I spent months dodging spoilers before finally seeing the DVD and though I have an idea of the twist halfway, I am still astounded of Fincher’s latest auteur. On its own cinematic existence, GONE GIRL engrosses with its menacing atmosphere shrouding the disintegration of marriage as provoked by its brilliantly acted, convoluted characters while being shaped splendidly as a savory mystery-thriller in its pre- and post-production components. There are just so many aspects to rave about, not to mention the themes (which I’ll tie to the book discussion later on). Between the animosity of its married duo and their willful deception to the media frenzy that they ignited, GONE GIRL is fundamentally, a story about bad people whose his and her versions of the true story are unreliable but irresistible – like any domestic drama hoi polloi feast but made more sophisticated to the senses.
Pike as Amy Elliott-Dunne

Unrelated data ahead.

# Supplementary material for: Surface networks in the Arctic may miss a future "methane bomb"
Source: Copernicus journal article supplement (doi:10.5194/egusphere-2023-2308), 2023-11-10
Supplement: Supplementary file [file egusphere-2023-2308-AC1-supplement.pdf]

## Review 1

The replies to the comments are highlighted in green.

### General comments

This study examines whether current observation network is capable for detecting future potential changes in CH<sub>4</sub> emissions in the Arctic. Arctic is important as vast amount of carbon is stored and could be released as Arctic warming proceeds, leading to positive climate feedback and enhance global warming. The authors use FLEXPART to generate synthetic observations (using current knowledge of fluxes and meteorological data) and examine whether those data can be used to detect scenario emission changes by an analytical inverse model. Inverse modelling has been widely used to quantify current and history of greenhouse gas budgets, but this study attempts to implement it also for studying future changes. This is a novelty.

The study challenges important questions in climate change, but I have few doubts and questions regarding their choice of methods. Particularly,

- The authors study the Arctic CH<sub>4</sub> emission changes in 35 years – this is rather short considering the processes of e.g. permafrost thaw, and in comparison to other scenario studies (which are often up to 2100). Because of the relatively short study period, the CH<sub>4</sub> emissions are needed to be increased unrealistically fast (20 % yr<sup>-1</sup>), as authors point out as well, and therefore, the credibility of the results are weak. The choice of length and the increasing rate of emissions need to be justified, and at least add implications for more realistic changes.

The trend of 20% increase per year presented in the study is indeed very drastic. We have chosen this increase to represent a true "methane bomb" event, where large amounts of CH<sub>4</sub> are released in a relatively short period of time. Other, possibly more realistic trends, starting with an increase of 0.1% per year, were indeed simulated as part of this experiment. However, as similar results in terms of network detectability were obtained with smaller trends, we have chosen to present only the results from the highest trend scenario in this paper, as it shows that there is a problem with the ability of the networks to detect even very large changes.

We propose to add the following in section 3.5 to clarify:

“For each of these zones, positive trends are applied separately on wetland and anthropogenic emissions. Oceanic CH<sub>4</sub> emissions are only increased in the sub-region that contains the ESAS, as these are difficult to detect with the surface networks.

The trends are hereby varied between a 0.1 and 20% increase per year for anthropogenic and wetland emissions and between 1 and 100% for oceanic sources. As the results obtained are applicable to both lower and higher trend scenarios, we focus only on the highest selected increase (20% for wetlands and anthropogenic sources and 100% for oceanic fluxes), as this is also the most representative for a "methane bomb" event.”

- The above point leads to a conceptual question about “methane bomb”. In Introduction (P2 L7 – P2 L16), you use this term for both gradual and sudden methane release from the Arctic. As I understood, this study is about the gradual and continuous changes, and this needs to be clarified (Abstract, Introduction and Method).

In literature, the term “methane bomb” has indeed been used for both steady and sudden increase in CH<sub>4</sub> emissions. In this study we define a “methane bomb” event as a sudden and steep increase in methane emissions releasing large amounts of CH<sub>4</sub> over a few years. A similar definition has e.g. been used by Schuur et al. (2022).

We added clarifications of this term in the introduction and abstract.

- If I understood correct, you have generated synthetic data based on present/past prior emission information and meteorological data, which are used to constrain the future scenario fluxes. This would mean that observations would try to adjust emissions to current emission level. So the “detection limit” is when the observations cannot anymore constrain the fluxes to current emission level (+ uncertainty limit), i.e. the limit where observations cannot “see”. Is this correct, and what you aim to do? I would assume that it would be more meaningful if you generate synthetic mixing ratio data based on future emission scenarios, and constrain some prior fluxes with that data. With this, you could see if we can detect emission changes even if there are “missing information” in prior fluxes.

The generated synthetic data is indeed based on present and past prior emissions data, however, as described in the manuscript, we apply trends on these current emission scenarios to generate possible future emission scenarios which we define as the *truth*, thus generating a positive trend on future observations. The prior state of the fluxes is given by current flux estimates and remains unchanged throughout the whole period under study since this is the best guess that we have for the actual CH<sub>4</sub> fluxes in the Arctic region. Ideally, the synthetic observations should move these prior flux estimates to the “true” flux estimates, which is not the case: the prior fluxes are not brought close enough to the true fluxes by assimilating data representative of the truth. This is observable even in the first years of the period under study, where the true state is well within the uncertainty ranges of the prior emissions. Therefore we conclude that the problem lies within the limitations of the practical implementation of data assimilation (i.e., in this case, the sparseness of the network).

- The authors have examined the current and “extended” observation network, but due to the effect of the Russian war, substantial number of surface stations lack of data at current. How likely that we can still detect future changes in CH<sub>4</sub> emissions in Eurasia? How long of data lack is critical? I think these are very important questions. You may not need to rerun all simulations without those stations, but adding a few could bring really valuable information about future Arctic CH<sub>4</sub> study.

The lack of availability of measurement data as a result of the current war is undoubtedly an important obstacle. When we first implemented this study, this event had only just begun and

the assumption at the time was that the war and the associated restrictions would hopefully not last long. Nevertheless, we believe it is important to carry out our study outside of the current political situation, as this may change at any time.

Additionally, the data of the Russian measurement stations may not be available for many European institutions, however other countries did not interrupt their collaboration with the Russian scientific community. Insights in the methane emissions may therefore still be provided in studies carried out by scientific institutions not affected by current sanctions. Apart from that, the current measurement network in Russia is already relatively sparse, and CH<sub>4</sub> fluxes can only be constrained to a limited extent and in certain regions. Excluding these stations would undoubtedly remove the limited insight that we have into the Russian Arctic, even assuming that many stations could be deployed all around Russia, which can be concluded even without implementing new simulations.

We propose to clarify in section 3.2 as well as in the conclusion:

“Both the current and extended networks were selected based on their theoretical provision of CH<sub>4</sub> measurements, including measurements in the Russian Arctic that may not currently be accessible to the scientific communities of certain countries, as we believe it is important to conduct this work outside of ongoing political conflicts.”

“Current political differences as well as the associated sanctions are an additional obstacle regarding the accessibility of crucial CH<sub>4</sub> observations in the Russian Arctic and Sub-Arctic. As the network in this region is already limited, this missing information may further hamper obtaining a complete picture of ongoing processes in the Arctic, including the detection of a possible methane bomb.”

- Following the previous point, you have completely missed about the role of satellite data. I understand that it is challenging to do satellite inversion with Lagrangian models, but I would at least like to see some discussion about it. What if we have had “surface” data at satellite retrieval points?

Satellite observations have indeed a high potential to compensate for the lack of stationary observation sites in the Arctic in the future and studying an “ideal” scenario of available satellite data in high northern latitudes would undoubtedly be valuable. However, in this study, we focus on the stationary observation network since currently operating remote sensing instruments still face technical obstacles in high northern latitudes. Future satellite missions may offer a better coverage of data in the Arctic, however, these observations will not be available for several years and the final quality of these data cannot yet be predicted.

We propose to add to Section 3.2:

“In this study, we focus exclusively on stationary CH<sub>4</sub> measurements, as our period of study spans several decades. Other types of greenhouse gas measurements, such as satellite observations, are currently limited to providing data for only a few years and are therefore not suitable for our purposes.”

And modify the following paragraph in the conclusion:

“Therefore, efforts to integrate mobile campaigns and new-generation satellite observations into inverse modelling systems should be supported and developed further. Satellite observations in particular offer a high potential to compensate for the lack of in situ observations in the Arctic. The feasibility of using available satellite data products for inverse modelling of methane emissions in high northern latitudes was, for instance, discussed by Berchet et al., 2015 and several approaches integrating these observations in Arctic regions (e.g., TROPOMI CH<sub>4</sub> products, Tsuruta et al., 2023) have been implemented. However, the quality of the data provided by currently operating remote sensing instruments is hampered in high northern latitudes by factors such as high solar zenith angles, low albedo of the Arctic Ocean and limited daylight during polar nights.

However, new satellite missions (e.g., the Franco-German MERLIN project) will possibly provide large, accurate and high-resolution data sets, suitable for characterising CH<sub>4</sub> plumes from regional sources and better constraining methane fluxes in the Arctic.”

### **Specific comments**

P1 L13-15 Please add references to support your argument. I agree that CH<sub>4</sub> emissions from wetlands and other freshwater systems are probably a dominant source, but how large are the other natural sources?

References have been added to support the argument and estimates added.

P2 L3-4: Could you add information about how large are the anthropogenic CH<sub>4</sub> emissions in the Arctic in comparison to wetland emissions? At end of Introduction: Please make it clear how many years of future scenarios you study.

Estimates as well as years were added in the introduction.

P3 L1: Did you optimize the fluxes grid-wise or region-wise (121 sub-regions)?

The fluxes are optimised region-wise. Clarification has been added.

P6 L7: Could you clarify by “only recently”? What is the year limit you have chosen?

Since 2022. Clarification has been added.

Nick (Ben Affleck) and Amy (Rosamund Pike) is the latest, memorable onscreen couple whose relationship becomes the subject of Fincher’s stylish scrutiny. Affleck’s turbulent past romance enabled him to be strangely comfortable in his character’s indecisiveness, insensitivity and obliviousness who is constantly pelleted due to his tactless behavior in his wife’s disappearance. Carrie Coon as Margo, Nick’s twin sister, is affecting and tactful in the allegations against her brother. But ultimately, GONE GIRL is owned by Pike whose portrayal of Nick’s calculating, duplicitous and psychopathic better half is the vicious heart of the film. Pre-Fincher, Pike is a perennial supporting player whose radiance in her poised, learned but tamed roles don’t go unnoticed. But GONE GIRL finally let her loose; a revelatory showcase of her jarring capacity as an actress that could squirm her Bond Girl guise. Pike becomes the epitome of an Ice Queen; the coldness condensing in her conniving looks and her undeniable beauty unwarranted of the gritty and ghastly allure she exudes in the movie’s shocking moments. She is one of the indispensable elements that make GONE GIRL darkly enthralling. The rest is expertly delivered by Fincher’s team by their profound and visceral grasp of the source material.